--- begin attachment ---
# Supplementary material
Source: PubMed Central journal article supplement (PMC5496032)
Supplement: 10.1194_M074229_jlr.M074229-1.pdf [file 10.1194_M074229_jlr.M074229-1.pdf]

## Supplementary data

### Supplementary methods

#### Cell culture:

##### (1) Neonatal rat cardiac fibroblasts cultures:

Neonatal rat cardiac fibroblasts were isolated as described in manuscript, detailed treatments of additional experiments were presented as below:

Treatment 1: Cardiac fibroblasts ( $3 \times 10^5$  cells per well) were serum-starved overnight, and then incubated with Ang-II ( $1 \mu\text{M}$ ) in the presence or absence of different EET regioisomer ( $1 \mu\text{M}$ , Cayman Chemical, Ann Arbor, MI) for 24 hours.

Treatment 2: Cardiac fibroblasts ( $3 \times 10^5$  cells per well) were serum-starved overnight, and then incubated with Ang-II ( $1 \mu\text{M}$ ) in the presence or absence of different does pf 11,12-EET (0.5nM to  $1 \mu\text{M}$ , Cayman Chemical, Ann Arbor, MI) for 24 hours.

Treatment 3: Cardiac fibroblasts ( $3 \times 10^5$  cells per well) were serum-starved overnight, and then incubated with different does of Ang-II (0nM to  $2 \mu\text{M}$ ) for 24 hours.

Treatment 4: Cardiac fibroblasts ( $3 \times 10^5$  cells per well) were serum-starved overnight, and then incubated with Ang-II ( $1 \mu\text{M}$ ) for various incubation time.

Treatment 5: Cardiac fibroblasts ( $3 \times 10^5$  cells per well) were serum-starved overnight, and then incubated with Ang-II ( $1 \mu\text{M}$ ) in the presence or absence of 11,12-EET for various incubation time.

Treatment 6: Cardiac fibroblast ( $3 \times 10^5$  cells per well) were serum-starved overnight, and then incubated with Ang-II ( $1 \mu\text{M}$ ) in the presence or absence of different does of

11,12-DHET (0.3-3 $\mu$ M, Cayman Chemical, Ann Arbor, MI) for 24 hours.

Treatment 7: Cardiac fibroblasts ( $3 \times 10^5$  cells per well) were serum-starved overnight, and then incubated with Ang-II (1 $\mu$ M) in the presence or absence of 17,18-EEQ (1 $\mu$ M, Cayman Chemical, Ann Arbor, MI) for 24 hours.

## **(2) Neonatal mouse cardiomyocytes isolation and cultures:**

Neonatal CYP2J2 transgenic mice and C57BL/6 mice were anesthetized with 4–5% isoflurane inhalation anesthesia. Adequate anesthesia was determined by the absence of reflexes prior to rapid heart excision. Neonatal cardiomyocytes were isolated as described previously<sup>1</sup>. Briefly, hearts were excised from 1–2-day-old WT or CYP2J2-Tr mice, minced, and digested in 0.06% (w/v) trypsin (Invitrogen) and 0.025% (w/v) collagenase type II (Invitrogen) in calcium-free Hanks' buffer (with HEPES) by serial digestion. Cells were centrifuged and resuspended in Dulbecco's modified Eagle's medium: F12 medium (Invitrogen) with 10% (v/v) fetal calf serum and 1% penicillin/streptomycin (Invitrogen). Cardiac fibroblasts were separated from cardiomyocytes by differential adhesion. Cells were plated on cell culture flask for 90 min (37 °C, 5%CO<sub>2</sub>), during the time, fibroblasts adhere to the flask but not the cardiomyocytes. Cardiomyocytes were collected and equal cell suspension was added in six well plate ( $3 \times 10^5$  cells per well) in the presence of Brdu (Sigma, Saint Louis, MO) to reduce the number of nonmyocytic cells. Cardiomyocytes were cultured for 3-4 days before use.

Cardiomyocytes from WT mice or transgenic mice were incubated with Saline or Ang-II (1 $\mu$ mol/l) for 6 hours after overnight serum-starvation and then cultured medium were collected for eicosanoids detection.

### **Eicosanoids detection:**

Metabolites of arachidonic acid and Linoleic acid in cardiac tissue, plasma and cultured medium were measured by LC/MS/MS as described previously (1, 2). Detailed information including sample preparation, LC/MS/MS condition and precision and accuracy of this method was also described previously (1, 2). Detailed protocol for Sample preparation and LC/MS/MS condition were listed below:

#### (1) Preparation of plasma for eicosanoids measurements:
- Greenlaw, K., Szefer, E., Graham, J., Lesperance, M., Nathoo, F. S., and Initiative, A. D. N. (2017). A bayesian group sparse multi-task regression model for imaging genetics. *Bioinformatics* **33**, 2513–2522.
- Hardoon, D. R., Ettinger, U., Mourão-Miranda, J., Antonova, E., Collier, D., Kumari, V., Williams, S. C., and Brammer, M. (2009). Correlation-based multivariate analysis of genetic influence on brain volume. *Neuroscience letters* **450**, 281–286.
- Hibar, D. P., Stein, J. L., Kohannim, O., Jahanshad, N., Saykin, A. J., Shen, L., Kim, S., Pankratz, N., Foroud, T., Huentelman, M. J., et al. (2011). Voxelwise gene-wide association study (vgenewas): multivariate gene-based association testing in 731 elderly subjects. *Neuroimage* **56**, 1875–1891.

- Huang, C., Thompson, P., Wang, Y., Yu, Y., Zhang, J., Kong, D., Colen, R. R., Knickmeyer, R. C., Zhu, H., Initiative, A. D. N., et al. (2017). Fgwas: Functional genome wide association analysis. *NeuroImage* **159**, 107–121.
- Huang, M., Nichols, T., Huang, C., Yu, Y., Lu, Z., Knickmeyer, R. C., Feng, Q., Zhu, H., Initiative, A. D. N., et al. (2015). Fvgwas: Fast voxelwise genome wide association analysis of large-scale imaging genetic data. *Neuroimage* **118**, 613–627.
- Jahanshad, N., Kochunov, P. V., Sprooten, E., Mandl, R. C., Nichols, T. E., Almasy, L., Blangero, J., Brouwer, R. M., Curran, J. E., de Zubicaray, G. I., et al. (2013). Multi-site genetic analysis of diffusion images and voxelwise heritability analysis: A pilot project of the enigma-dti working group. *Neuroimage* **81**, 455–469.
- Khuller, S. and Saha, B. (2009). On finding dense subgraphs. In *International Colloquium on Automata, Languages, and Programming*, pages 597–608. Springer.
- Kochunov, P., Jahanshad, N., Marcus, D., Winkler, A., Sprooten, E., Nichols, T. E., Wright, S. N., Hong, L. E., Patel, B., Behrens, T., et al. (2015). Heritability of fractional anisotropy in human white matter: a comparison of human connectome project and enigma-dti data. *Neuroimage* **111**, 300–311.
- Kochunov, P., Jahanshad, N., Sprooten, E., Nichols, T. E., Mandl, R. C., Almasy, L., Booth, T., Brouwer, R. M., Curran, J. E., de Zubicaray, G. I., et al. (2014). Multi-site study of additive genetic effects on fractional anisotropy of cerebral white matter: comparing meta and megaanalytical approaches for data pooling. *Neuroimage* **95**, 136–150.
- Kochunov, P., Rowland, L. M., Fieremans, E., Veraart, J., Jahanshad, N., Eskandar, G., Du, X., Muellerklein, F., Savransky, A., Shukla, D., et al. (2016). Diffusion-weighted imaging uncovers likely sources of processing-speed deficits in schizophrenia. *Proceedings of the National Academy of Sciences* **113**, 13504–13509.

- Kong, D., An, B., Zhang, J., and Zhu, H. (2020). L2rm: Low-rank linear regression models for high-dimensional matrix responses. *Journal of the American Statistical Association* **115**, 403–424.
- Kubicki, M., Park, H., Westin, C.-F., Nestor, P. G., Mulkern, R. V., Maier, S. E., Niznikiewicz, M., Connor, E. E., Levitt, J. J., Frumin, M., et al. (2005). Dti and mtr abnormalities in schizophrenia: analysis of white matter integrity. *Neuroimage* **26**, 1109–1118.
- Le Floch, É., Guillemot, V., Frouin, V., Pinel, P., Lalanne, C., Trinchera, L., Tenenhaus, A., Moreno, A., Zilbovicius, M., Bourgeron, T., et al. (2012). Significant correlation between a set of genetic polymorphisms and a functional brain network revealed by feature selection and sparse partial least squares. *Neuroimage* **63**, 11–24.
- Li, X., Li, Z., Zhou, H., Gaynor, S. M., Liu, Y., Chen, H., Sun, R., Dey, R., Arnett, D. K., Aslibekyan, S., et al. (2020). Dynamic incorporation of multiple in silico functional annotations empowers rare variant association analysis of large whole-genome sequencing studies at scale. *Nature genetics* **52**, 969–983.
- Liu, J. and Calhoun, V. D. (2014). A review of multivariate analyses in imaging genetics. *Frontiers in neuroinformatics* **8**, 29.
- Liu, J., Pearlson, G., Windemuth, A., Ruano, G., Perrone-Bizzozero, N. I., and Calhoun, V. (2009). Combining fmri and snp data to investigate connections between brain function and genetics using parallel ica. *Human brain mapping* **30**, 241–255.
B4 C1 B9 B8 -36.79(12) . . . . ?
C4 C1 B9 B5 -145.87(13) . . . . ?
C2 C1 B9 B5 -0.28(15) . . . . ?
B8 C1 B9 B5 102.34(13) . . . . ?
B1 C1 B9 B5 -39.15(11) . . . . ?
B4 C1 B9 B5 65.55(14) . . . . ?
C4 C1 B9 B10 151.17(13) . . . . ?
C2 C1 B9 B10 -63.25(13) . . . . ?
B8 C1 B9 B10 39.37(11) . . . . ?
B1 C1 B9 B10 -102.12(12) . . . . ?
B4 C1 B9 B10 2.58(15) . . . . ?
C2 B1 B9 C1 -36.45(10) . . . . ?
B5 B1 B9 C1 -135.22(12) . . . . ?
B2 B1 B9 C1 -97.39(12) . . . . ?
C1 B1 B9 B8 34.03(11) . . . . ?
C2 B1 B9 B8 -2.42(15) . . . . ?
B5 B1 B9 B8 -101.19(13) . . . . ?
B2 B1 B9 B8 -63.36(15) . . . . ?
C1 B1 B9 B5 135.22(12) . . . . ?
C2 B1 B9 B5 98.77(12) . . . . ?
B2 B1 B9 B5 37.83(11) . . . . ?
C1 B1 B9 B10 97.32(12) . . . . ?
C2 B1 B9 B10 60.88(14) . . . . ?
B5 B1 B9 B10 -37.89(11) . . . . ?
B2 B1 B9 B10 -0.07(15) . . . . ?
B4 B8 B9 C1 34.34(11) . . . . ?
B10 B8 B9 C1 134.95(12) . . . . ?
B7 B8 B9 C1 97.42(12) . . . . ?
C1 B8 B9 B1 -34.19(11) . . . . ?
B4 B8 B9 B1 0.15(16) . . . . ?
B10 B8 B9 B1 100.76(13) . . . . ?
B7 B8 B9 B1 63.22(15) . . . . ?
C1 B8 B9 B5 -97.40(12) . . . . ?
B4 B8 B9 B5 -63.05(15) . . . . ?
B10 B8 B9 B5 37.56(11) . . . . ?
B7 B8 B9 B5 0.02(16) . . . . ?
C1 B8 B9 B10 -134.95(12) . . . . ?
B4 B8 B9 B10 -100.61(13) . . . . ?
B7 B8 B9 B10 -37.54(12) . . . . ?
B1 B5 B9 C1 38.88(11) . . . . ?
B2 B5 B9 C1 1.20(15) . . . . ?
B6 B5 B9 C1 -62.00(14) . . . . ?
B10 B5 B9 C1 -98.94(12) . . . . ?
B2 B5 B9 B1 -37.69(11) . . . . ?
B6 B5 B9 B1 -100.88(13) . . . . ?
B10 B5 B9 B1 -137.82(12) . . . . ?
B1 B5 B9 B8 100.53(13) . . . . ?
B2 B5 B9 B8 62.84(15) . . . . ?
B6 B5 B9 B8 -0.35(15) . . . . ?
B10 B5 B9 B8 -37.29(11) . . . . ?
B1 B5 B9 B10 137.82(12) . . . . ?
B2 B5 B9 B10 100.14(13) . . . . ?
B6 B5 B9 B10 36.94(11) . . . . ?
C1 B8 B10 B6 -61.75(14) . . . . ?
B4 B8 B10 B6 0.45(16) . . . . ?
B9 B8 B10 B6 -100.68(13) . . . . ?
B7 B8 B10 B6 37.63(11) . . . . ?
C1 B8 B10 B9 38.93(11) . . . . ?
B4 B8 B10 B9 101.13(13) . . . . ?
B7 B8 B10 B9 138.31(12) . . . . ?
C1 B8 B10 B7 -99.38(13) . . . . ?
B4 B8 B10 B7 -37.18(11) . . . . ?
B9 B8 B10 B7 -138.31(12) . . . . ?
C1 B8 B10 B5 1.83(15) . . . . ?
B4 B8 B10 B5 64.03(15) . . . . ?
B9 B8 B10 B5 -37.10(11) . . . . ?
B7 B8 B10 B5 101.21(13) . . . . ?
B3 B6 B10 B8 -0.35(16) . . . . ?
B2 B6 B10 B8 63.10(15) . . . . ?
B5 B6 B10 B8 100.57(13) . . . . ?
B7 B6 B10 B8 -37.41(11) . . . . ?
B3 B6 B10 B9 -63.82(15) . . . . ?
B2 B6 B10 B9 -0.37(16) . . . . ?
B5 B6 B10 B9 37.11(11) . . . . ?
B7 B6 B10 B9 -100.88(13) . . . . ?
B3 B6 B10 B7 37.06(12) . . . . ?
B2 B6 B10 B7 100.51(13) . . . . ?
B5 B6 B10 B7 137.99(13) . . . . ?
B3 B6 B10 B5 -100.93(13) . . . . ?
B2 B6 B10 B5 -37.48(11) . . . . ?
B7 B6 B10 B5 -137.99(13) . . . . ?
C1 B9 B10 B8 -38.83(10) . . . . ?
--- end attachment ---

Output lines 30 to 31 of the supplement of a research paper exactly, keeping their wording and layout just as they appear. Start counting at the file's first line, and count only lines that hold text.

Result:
- Kochunov, P., Jahanshad, N., Marcus, D., Winkler, A., Sprooten, E., Nichols, T. E., Wright, S. N., Hong, L. E., Patel, B., Behrens, T., et al. (2015). Heritability of fractional anisotropy in human white matter: a comparison of human connectome project and enigma-dti data. *Neuroimage* **111**, 300–311.
- Kochunov, P., Jahanshad, N., Sprooten, E., Nichols, T. E., Mandl, R. C., Almasy, L., Booth, T., Brouwer, R. M., Curran, J. E., de Zubicaray, G. I., et al. (2014). Multi-site study of additive genetic effects on fractional anisotropy of cerebral white matter: comparing meta and megaanalytical approaches for data pooling. *Neuroimage* **95**, 136–150.